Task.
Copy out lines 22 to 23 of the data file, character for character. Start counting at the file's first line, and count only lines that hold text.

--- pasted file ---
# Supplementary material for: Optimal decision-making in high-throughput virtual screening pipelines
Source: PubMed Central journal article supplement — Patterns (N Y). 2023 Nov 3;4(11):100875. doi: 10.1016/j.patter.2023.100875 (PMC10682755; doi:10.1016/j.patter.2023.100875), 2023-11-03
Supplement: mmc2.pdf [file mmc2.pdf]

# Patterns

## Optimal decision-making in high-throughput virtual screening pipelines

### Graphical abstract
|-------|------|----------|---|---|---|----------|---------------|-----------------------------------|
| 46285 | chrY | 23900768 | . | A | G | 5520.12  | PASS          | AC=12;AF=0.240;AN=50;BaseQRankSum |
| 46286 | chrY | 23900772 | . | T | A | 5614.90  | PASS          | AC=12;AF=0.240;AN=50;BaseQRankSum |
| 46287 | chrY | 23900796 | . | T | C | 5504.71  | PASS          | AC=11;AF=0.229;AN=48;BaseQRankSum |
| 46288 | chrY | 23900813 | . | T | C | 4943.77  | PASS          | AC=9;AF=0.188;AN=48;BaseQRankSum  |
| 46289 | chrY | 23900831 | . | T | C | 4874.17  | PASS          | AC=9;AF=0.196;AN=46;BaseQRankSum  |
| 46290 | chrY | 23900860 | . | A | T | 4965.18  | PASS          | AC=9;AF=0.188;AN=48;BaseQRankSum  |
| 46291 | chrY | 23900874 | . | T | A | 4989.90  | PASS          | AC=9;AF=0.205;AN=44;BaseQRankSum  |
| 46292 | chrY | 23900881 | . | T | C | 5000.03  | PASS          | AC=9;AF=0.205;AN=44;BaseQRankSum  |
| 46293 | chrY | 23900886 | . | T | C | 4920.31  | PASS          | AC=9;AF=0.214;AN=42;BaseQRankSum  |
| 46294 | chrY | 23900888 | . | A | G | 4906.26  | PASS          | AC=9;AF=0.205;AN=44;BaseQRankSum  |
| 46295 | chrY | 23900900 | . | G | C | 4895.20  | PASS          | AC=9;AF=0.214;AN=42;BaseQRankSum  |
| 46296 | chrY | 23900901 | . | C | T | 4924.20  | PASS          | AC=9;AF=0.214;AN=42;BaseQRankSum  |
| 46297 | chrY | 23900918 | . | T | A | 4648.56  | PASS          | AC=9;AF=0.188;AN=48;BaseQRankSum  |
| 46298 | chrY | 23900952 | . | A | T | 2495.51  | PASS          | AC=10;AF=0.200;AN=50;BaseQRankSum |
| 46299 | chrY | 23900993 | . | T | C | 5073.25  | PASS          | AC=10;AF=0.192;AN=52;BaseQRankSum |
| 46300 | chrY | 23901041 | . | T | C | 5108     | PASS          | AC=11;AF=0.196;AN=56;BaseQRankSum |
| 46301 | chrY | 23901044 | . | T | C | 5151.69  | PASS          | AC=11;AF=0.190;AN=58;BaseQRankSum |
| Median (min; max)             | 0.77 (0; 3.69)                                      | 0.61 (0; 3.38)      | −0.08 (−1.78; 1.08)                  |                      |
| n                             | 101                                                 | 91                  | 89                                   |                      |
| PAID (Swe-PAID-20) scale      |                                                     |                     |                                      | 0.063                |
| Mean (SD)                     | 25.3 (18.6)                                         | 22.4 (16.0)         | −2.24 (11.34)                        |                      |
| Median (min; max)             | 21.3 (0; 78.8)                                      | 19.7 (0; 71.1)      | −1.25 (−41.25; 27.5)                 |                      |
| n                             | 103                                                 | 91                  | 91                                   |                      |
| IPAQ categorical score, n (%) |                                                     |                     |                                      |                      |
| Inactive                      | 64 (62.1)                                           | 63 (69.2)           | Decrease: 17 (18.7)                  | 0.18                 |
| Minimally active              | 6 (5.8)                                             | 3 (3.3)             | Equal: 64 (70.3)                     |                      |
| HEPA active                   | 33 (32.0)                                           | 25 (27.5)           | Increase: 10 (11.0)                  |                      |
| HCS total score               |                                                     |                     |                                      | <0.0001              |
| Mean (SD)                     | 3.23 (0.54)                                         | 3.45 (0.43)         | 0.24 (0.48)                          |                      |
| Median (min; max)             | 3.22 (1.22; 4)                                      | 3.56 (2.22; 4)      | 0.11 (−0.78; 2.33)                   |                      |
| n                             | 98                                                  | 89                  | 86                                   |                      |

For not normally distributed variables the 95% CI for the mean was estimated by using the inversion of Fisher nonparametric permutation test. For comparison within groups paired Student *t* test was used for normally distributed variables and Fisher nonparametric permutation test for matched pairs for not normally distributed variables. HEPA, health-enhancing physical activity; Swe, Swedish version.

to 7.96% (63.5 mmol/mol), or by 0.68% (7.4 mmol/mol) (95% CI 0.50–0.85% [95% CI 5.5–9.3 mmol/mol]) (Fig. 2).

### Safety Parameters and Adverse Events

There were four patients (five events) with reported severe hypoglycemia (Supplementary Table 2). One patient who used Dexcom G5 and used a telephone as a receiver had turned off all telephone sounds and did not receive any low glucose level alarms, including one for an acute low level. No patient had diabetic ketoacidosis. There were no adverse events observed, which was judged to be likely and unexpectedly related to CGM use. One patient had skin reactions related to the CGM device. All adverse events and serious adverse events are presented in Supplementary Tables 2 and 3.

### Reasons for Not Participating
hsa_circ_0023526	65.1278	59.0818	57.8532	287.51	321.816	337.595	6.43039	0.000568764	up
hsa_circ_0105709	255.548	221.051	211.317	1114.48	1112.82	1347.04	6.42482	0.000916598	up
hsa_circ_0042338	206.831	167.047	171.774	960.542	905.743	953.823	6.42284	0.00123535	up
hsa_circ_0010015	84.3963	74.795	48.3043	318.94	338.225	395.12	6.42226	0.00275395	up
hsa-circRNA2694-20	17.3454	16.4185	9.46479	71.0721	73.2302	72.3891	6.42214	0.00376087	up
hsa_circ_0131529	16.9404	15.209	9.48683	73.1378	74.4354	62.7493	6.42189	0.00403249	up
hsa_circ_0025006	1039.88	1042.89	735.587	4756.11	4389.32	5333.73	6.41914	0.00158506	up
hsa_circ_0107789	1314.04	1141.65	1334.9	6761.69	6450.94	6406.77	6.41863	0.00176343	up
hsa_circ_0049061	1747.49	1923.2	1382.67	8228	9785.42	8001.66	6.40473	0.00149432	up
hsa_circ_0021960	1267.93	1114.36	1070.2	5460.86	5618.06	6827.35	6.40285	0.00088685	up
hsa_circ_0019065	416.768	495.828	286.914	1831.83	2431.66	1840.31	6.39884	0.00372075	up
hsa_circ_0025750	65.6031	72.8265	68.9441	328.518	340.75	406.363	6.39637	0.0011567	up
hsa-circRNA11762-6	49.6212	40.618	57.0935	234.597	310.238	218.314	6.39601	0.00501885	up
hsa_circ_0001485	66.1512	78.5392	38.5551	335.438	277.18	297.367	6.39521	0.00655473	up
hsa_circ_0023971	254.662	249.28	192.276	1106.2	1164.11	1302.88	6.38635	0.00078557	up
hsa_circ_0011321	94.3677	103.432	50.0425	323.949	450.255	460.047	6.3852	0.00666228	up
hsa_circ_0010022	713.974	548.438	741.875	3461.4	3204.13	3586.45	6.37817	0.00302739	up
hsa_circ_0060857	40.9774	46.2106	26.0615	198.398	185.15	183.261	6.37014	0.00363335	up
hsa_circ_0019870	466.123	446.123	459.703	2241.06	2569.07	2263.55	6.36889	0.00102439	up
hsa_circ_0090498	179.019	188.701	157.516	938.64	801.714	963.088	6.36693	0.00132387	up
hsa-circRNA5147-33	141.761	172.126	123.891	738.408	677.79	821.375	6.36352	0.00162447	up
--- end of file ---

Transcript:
| 46299 | chrY | 23900993 | . | T | C | 5073.25  | PASS          | AC=10;AF=0.192;AN=52;BaseQRankSum |
| 46300 | chrY | 23901041 | . | T | C | 5108     | PASS          | AC=11;AF=0.196;AN=56;BaseQRankSum |